K-Nearest-Neighbor classifiers

K Nearest-Neighbor classifiers

Nearest-neighbor methods are a class of non-model-based classifiers. These methods require you to develop a similarity or distance space–usually on the basis of a set of predictors or features. Once this distance space is defined, we determine the class by finding a few neighbor in that space, and having those neighbors vote, using the most common label of items in the neighborhood. Because this could be susceptible to noisy data, we usually find a set of \(k\) neighbors and have them vote on the outcome. These are K-nearest neighbor classifiers, or KNN. This approach can be especially useful if your data classes are not well described by a multivariate distribution. Ultimately, this means KNN approaches make fewer assumptions, but also have to make ad hoc assumptions about combining dimensions that may not be valid.

The problem with KNN is similar to many classifiers–how do we know which features to use. Furthermore, because we need to combine features to create a distance, we also need to come up with formulas for combining multiple features to create a distance measure. Should all dimensions be equally weighted? What if our features are on different scales? What if some of our features are categorical? Unlike something like logistic regression, we cannot easily test particular predictors, but we can always do cross-validation tests to determine whether the a decision in selecting variables or creating a distance metric improve outcomes.

Choosing K.

The choice of \(k\) can have a big impact on the results. If \(k\) is too small, classification will be highly impacted by local neighborhood; if it is too big (i.e., if \(K\) = \(N\)), it will always just respond with the most likely response in the entire population.

Calculating distance

The distance metric used in KNN can easily be chosen poorly. For example, if you want to decide on political party based on age, income level, and gender, you need to figure out how to weigh and combine these. By default, you might add differences along each dimension, which would combine something that differs on the scale of dozens with something that differs on the scale of thousands, and so the KNN model would essentially ignore gender and age. That is, if we used a city-block distance, a 22-year-old female democrat who makes $30,000/year might be 2 units away from a 22-year-old male republican who also makes $30K, but 1,000 units away from a 22-year-old female republican who makes $31,000. You might want to adjust the scale of different dimensions, select/ignore different dimensions, or weigh some more than others.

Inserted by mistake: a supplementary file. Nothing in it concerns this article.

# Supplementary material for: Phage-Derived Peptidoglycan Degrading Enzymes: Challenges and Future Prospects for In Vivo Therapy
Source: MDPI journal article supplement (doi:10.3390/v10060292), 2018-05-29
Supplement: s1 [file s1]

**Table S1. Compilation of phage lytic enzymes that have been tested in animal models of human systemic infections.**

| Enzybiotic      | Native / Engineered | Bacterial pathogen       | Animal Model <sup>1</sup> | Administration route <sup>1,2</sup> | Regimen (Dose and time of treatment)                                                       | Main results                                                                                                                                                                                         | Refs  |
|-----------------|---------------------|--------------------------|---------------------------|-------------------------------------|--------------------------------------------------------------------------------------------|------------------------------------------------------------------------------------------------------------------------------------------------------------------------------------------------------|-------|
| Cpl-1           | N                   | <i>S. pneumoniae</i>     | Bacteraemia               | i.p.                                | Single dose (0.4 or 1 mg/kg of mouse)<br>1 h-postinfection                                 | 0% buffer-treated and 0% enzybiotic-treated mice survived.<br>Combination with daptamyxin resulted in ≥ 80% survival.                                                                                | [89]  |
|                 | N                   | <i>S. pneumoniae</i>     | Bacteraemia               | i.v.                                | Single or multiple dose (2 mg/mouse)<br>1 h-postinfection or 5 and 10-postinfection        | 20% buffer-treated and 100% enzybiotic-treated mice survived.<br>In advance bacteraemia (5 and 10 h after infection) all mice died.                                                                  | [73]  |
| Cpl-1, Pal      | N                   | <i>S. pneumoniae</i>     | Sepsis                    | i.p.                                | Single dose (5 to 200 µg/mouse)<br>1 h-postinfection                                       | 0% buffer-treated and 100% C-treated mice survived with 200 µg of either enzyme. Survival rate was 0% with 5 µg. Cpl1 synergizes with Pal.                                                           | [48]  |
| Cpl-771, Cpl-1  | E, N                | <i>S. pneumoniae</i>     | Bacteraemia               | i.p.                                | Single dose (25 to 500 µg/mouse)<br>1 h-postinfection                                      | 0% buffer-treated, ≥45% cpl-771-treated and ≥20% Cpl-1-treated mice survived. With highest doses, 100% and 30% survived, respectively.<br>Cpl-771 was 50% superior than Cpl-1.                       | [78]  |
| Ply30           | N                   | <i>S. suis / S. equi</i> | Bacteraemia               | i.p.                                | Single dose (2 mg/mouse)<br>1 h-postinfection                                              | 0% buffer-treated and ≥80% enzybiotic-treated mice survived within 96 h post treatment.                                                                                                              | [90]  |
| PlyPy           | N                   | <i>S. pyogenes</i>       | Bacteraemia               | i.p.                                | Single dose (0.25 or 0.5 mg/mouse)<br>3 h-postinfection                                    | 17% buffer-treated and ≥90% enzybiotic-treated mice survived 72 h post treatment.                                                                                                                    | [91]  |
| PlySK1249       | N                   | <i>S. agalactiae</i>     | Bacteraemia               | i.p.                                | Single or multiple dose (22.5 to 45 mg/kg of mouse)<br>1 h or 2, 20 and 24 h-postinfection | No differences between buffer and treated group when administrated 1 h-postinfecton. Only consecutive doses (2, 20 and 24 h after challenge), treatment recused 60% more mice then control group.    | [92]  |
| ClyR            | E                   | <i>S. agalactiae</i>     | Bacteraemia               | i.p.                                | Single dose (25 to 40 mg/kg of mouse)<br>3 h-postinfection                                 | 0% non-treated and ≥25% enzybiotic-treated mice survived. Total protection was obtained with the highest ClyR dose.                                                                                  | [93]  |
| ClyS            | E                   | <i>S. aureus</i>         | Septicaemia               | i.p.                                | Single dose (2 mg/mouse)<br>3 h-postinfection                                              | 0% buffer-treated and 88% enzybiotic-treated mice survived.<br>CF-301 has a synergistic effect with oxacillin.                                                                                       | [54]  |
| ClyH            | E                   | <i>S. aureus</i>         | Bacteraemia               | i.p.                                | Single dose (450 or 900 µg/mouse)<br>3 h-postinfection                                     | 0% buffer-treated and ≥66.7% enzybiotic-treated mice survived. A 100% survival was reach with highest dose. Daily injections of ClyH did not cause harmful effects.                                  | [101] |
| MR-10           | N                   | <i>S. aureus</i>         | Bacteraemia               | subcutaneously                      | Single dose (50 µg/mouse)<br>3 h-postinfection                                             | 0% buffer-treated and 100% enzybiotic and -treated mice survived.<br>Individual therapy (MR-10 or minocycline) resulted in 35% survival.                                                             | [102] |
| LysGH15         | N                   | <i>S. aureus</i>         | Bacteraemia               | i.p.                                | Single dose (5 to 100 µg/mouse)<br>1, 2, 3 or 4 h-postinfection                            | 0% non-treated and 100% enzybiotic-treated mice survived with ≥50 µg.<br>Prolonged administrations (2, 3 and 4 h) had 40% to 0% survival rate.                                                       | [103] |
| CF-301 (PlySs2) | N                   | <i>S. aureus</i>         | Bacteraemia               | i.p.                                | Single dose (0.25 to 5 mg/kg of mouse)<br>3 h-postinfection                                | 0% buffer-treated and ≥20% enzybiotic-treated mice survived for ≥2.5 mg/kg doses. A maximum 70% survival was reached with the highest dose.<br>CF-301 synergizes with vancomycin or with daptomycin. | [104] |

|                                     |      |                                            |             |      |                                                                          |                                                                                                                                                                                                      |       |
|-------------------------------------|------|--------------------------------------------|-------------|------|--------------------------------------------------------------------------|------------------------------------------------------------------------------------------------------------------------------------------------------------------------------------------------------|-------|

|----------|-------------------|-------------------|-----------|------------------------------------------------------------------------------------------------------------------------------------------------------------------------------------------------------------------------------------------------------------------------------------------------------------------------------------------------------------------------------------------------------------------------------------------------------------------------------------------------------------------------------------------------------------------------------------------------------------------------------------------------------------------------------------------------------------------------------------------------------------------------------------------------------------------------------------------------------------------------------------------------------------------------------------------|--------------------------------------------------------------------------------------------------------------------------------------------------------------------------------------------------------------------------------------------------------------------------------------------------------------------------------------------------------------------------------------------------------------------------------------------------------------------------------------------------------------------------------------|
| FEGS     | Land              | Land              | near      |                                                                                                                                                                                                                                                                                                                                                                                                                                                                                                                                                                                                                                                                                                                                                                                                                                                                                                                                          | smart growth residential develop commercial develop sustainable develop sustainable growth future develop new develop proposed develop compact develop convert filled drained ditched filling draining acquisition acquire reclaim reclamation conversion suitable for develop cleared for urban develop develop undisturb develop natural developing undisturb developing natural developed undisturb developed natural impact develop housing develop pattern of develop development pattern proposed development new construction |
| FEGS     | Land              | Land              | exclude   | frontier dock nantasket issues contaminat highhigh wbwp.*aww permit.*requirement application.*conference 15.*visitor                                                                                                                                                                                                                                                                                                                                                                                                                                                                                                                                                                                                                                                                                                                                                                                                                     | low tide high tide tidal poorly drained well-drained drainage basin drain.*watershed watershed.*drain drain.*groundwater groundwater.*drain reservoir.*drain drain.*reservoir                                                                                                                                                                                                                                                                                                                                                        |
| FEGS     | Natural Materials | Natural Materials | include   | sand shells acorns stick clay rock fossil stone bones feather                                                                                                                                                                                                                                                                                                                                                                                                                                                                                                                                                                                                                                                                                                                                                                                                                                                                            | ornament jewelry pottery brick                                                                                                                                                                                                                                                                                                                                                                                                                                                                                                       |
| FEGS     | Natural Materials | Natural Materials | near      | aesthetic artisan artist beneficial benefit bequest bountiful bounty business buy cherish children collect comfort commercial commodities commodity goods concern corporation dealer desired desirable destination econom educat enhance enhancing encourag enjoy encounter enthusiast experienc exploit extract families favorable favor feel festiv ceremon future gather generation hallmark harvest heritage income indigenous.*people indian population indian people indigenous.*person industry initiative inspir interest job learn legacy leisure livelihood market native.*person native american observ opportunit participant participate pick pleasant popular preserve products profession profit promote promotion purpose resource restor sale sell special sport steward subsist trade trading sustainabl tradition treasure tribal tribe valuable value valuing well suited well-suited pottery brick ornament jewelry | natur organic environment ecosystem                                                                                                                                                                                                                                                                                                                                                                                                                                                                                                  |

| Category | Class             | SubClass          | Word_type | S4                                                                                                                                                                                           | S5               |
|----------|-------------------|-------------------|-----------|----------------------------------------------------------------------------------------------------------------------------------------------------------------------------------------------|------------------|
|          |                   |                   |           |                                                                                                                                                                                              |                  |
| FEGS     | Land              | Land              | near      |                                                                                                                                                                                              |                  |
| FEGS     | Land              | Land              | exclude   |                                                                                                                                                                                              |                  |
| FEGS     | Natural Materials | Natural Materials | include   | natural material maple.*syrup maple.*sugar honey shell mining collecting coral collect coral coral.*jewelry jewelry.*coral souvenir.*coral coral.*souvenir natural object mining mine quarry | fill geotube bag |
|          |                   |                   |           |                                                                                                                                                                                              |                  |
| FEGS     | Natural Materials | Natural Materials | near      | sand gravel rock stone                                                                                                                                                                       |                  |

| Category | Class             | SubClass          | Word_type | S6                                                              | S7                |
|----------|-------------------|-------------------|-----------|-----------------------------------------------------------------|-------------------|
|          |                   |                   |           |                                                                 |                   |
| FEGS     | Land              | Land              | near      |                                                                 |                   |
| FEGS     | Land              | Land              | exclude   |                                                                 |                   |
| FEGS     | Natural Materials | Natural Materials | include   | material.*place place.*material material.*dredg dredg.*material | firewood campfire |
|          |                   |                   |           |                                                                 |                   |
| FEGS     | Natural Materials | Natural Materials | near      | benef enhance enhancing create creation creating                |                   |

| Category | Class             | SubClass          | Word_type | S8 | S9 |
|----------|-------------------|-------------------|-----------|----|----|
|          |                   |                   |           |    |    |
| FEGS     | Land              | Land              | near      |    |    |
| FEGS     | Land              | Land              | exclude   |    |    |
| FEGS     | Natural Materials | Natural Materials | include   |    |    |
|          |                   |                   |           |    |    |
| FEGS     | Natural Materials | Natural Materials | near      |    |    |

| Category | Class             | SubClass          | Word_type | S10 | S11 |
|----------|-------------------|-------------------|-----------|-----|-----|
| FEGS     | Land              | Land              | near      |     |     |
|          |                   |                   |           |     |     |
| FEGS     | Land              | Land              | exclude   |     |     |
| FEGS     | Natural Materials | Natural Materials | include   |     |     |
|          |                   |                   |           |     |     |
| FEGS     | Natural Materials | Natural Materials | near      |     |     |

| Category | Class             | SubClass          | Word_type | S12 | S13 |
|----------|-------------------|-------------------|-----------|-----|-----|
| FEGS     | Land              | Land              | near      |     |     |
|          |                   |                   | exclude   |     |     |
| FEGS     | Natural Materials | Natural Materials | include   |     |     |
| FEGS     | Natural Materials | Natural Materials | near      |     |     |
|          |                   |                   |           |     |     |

If we create a sample data set with randomly-generated people, coding gender and party as 1 or 2 to allow us easier calculation of distance using the dist function:

vals <- data.frame(salary = sample(c(30000, 50000, 1e+05), 50, replace = T), gender = sample(1:2,
    50, replace = T), party = sample(1:2, 50, replace = T))
tmpdat <- data.frame(values = as.numeric(dist(vals)))

tmpdat |>
    ggplot(aes(x = values)) + geom_histogram() + theme_bw()

               0                1  1.4142135623731            20000 
              92              215              110               50 
    20000.000025      20000.00005            50000      50000.00001 
              92               50               90              172 
     50000.00002            70000 70000.0000071429 70000.0000142857 
              90               64              130               70 

Notice that there appear to be only 4 distances between cases, but looking more carefully we have a some other cases, e.g., 20000, 20000.00005, 20000.000025, etc. We might choose to normalize these somehow.

Normalization selection

A typical approach would be to normalize all variables first. Then each variable has equal weight and range. We can normalize against the entire range, or via z-scores. If you have multiple variables that are on the same overall scale (i.e., a likert scale), you might apply the same normalization to all variables. The scale function in R can do this for a matrix of values:

vals2 <- scale(vals)
tmpdat <- data.frame(values = as.numeric(dist(vals2)))
tmpdat |>
    ggplot(aes(x = values)) + geom_histogram() + theme_bw()

There is a much broader range here. But because gender and party have a max difference of 1, maybe we want salary to also be scaled similarly.

vals2 <- vals